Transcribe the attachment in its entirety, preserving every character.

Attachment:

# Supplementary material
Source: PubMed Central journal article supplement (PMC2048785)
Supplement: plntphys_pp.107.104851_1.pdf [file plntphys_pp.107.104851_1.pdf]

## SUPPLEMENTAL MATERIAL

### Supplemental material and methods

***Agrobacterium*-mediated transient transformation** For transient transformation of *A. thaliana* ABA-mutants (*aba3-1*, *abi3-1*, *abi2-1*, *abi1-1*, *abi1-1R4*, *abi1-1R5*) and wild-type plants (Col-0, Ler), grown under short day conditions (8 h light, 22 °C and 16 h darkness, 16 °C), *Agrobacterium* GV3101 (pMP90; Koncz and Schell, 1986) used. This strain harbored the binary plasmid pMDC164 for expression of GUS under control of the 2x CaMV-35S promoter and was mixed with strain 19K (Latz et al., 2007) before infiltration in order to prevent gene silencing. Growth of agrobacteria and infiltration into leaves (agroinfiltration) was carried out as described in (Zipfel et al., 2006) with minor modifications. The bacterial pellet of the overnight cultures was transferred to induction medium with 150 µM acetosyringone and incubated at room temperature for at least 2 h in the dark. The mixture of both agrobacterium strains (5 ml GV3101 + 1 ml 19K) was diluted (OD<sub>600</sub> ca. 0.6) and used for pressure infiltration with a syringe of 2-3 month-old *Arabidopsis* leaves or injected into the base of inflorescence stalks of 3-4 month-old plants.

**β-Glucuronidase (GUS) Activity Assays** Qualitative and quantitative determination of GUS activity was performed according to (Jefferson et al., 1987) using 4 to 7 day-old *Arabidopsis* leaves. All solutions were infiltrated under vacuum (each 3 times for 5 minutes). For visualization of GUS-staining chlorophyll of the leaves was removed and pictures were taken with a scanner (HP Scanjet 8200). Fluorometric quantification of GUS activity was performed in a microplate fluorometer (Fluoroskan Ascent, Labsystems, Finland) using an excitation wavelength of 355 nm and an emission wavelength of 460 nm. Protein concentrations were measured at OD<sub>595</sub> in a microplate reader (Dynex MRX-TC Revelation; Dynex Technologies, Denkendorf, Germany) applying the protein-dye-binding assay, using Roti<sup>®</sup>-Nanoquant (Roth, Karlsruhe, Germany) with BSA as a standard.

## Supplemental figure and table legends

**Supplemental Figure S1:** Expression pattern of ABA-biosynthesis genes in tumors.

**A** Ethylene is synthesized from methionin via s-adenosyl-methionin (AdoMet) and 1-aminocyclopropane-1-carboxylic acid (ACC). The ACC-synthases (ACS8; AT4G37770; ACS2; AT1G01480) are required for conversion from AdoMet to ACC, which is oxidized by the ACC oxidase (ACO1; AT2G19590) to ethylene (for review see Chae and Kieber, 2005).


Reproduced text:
# Supplementary material
Source: PubMed Central journal article supplement (PMC2048785)
Supplement: plntphys_pp.107.104851_1.pdf [file plntphys_pp.107.104851_1.pdf]

## SUPPLEMENTAL MATERIAL

### Supplemental material and methods

***Agrobacterium*-mediated transient transformation** For transient transformation of *A. thaliana* ABA-mutants (*aba3-1*, *abi3-1*, *abi2-1*, *abi1-1*, *abi1-1R4*, *abi1-1R5*) and wild-type plants (Col-0, Ler), grown under short day conditions (8 h light, 22 °C and 16 h darkness, 16 °C), *Agrobacterium* GV3101 (pMP90; Koncz and Schell, 1986) used. This strain harbored the binary plasmid pMDC164 for expression of GUS under control of the 2x CaMV-35S promoter and was mixed with strain 19K (Latz et al., 2007) before infiltration in order to prevent gene silencing. Growth of agrobacteria and infiltration into leaves (agroinfiltration) was carried out as described in (Zipfel et al., 2006) with minor modifications. The bacterial pellet of the overnight cultures was transferred to induction medium with 150 µM acetosyringone and incubated at room temperature for at least 2 h in the dark. The mixture of both agrobacterium strains (5 ml GV3101 + 1 ml 19K) was diluted (OD<sub>600</sub> ca. 0.6) and used for pressure infiltration with a syringe of 2-3 month-old *Arabidopsis* leaves or injected into the base of inflorescence stalks of 3-4 month-old plants.

**β-Glucuronidase (GUS) Activity Assays** Qualitative and quantitative determination of GUS activity was performed according to (Jefferson et al., 1987) using 4 to 7 day-old *Arabidopsis* leaves. All solutions were infiltrated under vacuum (each 3 times for 5 minutes). For visualization of GUS-staining chlorophyll of the leaves was removed and pictures were taken with a scanner (HP Scanjet 8200). Fluorometric quantification of GUS activity was performed in a microplate fluorometer (Fluoroskan Ascent, Labsystems, Finland) using an excitation wavelength of 355 nm and an emission wavelength of 460 nm. Protein concentrations were measured at OD<sub>595</sub> in a microplate reader (Dynex MRX-TC Revelation; Dynex Technologies, Denkendorf, Germany) applying the protein-dye-binding assay, using Roti<sup>®</sup>-Nanoquant (Roth, Karlsruhe, Germany) with BSA as a standard.

## Supplemental figure and table legends

**Supplemental Figure S1:** Expression pattern of ABA-biosynthesis genes in tumors.

**A** Ethylene is synthesized from methionin via s-adenosyl-methionin (AdoMet) and 1-aminocyclopropane-1-carboxylic acid (ACC). The ACC-synthases (ACS8; AT4G37770; ACS2; AT1G01480) are required for conversion from AdoMet to ACC, which is oxidized by the ACC oxidase (ACO1; AT2G19590) to ethylene (for review see Chae and Kieber, 2005).